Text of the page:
Critical HSE Ingredients, Characteristics Needed in the Energy Industry

Article title
A panelist discusses what it takes for a leader to be a health, safety and environmental leader in the energy industry.

Oil production growth is spreading across the United States with 6 million barrels per day expected by 2025, Wood Mackenzie reported in March. This statistic coupled with the fact that more than 4,383 workers were killed on the job in 2012, according to Occupational Safety & Health Administration, correlating to more than 84 deaths a week or nearly 12 deaths every day, emphasizes the need to accelerate Health, Safety and Environment (HSE) culture through HSE leadership, a panelist discussed at an HSE SPE international conference in Long Beach, California.

Culture can be defined as the attitudes, values and beliefs that underpin “the way we do things here,” according to International Association of Oil & Gas Producers. A positive culture is sustained by trust, credibility and behavior of senior leaders.

“Good health and safety leadership starts with the culture,” stated Dave Werner, vice president and general manager at Nabors. “The way a team is led determines how safe a site is to work on and the less number of accidents that occur. Your attitudes and beliefs about the culture drive behavior which sends a powerful message to your workers about how seriously they should take HSE.”

The unanimous question posed during the panelist discussion was what makes a good leader. As Greta Lydecker, vice president of San Joaquin Business Unit at Chevron, remarked, a leader influences others to reach a goal but a transformational leader makes a positive impact on attitudes, behaviors and organizational performance.

They transform, energize and motivate their workers to:

  • View work from different perspectives
  • Be aware of the organization’s vision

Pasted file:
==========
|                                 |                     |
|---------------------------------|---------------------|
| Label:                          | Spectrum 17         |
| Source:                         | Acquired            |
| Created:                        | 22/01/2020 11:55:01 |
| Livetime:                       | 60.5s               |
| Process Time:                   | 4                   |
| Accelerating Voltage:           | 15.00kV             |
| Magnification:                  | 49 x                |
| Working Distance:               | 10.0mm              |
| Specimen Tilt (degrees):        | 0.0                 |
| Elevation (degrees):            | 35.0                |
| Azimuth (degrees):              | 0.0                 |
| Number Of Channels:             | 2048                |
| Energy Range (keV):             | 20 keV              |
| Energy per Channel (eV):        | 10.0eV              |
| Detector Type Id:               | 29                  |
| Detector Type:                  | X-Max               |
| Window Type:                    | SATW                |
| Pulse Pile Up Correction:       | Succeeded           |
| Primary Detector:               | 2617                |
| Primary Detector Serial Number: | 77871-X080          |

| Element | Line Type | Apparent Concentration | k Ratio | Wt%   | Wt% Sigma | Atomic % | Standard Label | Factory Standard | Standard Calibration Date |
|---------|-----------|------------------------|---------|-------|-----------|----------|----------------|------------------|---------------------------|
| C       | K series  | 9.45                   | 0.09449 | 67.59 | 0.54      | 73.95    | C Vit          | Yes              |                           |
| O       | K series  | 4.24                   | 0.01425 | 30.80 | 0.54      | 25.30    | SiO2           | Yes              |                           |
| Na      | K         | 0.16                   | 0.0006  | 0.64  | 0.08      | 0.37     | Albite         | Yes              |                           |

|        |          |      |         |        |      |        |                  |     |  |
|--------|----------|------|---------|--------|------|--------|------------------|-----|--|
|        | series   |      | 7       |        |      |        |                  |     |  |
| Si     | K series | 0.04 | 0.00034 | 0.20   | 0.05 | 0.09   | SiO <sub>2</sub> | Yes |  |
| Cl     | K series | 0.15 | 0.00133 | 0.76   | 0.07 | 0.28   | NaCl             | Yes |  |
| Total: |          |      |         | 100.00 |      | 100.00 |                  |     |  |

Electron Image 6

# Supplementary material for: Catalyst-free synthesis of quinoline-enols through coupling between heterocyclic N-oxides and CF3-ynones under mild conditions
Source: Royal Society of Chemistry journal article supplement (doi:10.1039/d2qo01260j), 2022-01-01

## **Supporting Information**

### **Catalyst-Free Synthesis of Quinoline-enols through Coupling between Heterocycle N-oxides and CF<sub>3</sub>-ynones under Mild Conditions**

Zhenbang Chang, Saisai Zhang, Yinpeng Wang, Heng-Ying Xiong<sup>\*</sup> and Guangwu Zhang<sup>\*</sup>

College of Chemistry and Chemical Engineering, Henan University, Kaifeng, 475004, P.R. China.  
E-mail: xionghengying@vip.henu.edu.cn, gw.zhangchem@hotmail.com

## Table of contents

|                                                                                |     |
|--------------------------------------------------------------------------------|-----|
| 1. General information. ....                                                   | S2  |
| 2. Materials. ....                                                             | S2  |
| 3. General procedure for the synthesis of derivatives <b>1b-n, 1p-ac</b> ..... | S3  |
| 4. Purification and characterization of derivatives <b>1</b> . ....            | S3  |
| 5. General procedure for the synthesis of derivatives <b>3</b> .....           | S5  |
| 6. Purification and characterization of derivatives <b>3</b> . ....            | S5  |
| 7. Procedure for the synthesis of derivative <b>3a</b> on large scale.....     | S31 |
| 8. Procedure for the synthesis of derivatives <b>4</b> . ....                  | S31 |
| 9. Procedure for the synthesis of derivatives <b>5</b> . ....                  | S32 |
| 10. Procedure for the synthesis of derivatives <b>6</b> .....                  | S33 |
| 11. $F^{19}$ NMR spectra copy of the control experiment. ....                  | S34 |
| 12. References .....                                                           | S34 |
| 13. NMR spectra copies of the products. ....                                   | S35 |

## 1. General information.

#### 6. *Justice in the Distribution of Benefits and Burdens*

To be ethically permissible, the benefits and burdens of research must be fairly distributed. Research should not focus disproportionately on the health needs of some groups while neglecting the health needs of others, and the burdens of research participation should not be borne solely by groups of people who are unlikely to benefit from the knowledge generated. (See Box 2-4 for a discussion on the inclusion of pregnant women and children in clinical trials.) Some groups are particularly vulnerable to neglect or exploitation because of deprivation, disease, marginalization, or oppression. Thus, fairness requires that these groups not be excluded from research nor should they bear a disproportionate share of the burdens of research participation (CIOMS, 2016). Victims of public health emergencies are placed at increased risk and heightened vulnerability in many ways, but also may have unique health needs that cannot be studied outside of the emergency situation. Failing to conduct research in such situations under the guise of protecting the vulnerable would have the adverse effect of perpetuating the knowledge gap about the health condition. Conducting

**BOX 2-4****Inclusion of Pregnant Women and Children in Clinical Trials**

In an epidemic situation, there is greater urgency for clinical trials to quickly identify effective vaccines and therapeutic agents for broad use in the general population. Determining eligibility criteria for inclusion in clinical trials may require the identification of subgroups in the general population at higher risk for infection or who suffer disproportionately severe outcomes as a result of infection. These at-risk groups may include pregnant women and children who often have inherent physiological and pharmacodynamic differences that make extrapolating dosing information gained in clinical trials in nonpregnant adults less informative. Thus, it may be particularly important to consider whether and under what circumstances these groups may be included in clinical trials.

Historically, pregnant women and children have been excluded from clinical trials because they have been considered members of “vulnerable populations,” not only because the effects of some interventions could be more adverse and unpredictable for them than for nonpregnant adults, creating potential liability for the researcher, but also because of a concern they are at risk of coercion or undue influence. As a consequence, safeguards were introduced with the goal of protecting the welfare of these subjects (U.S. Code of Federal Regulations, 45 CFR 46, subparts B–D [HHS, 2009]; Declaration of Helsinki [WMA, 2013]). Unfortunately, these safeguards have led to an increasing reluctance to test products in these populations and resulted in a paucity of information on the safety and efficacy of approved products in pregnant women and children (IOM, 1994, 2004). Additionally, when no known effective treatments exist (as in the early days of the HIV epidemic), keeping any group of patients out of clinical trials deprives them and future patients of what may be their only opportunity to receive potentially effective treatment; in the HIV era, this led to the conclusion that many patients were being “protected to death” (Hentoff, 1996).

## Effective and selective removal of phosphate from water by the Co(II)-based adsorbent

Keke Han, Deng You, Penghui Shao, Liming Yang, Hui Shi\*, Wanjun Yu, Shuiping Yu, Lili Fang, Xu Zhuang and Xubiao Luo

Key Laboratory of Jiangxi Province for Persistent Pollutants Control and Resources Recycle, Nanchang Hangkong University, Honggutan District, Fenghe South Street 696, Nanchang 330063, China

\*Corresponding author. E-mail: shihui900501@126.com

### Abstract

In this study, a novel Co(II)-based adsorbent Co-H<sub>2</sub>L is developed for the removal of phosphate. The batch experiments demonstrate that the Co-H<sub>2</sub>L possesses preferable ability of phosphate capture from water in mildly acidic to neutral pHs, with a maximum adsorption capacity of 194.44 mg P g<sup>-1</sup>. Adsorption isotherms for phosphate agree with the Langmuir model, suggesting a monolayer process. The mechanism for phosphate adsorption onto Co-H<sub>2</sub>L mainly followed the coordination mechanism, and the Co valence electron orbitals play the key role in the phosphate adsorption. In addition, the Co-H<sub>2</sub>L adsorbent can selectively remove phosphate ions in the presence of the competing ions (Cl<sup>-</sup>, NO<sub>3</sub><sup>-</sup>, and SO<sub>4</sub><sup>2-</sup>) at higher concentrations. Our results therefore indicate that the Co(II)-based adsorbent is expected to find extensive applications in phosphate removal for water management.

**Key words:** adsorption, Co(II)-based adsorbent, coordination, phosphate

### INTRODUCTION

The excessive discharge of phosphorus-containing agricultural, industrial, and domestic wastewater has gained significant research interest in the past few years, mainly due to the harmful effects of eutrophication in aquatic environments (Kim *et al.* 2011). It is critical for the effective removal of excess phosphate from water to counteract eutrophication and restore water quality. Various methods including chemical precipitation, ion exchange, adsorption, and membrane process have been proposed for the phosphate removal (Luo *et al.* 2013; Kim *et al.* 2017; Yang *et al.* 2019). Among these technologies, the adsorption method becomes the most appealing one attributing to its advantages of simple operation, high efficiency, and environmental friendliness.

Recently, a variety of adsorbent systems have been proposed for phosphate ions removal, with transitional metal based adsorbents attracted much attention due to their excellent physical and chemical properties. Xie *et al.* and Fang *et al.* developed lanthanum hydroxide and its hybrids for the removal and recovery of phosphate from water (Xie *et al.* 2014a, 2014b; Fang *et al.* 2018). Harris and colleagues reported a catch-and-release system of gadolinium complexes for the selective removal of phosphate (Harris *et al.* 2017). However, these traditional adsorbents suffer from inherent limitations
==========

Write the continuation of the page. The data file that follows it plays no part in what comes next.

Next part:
• Reach full potential by challenging themselves
  • Work to benefit the team rather than just themselves

“Without a good leader and without this culture, companies cannot meet their moral and legal obligation to provide a safe workplace for their employees, compromise the integrity and value of their business, and fail to meet shareholder’s expectations,” stated Robert B. Chapman, partner at King, Chapman & Broussard Consulting Group, Inc.


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James Johnson | May. 1, 2014
Great article, I would say another aspect of producing a thriving safety culture is mentorship from the safety member. I see across the board that we are more concerned with industry experience than real safety/education. I understand the aspect of walking the walk amongst our oil/gas peers but at one end of the spectrum you see minimum education/training requirements but high regards for oil experience. That equates to a young rig hand that hasnt messed up, knows the business so we will elevate him to the level of keeping our employees and site safe. Typically this person is hand picked because he is a "yes" man and that is very dangerous for the industry. I have gotten many looks in reference to my safety and military background but when questioned about time in the industry the interview goes south. The energy industry is a very dangerous arena and an educated strong safety individual can provide the mentorship needed to negate any injuries or accidents regardless of the industry


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